Executive Director Dave Oberting comments on the ongoing Taxis v. Uber battle here in the District in this WUSA9 story by reporter Mola Lenghi.
Economic Growth DC likes to participate in the Uber vs. Taxi industry war because we see it as a proxy for a larger debate over how we regulate in a time of technological disruption.
The primary conflict in the District arises from the DC Taxicab Commission misconstruing its role as a regulator. Taxi commissioner Ron Linton has been quoted in the past claiming that he has an industry to “protect.”
But that’s just not the proper role of a regulator. A regulator’s job is to protect consumers by maintaining a level playing field and providing them the benefits of choice and competition. Rather than smothering Uber like Kurt Vonnegut’s Harrison Bergeron, they should throw out the rule book for taxis and start over.
The regulatory architecture that governs our taxi industry was created decades ago. It’s no longer relevant in a modern age. They should try again to develop a framework that frees the taxis to compete on equal terms.
Uber v. Taxis is today’s battle, but what happens in six months when the automation of the District’s restaurant industry blows up? A restaurant with iPads on every table requires a wait staff about half the size of a store without them. Want to see the rate of automation double? Triple the tipped minimum wage like activists want and the transition will move into overdrive.
And wait till the driverless car gets here in earnest. It’s only a matter of time before they become so proficient and so safe that they won’t require a human in the front seat. At that point ALL taxi drivers, ALL Uber drivers, and two million long haul truckers become obsolete.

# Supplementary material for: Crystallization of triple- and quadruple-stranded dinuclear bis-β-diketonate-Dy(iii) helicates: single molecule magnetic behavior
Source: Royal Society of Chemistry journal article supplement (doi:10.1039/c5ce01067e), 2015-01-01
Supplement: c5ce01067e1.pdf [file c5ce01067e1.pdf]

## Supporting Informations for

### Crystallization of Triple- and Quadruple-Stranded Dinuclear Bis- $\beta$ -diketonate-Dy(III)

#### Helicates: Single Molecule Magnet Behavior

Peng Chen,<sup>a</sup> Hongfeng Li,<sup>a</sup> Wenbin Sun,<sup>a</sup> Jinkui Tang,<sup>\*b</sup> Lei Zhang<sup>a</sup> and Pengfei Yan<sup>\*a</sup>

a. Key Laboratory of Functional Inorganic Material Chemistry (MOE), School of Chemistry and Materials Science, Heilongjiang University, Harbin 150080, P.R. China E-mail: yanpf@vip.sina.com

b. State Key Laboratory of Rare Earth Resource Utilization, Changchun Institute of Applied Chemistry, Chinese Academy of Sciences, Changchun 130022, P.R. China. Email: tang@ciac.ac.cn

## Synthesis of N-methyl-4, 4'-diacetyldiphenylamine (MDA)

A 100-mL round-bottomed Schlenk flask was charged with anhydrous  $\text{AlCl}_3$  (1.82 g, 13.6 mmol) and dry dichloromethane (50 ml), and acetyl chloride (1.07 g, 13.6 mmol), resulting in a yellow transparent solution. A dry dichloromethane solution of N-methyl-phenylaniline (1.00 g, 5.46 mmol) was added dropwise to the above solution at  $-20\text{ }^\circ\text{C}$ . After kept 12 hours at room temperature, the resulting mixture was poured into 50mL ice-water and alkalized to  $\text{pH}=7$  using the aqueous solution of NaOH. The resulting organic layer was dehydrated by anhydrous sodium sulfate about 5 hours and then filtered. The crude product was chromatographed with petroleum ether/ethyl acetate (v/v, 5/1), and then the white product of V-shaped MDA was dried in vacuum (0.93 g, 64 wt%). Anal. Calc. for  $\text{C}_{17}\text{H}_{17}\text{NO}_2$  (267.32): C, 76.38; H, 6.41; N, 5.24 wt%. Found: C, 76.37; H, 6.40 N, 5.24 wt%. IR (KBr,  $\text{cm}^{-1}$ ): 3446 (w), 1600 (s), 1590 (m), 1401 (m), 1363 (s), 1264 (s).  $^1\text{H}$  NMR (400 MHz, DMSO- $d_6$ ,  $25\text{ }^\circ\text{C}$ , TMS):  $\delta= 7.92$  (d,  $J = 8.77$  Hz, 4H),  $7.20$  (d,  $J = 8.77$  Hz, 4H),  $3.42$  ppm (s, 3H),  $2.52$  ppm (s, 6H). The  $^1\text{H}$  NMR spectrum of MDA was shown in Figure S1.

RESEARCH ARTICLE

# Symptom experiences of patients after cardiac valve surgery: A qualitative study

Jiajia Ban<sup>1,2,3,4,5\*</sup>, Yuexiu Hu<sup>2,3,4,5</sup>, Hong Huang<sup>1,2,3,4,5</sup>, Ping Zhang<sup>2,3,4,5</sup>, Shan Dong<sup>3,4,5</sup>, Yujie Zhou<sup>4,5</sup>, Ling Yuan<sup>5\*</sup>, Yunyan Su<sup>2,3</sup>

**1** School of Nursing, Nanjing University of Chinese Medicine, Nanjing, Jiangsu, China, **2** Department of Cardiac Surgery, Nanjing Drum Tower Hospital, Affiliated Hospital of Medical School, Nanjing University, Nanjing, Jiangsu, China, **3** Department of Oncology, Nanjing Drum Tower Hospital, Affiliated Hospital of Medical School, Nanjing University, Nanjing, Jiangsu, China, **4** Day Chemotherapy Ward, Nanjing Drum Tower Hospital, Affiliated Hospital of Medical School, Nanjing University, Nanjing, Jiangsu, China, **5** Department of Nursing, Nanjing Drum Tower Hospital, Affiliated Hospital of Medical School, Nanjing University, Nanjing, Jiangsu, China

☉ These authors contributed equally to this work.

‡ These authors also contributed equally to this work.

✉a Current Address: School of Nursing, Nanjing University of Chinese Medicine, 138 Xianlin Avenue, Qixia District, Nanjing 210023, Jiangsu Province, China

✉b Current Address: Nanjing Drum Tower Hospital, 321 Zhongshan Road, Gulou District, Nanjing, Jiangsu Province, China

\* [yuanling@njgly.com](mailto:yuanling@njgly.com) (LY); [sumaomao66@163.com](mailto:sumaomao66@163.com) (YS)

We’ve been substituting technology for labor since the invention of the wheel. 150 years ago, 80% of Americans worked in agriculture. Through automation, it’s down to 2%, and that’s been remarkably good for society. It has freed up millions of Americans to pursue more productive activity — including the invention of technology like Uber. Silicon Valley would not exist without the plow horse.
As we’re seeing around the world with ridesharing, governments can slow these developments for a while, but they cannot be stopped. Technology wins in the end.
So, for us at Economic Growth DC, the question is what do you do about it?
There are two imperatives:
We must have a local economy that grows significantly faster than it has for the last decade. A faster growing economy is the only means by which we create the number and kinds of jobs (at all skill levels) that we’ll need to replace those that are automated. As a taxi job goes away, we have to be able to create another middle-class job that provides equal or greater pay — like a technically skilled job maintaining and repairing driverless cars.
And, we must dramatically (and quickly) improve the way that we educate and train our workforce so that they are properly prepared for the middle-wage jobs that will exist in the first half of the 21st century. This means doing everything better: K-12, vocational education, technical education, apprenticeships and employer-driven job training programs that prepare people for the future, not the past.
It’s either going to be Xanadu or Thunderdome, but we get to choose.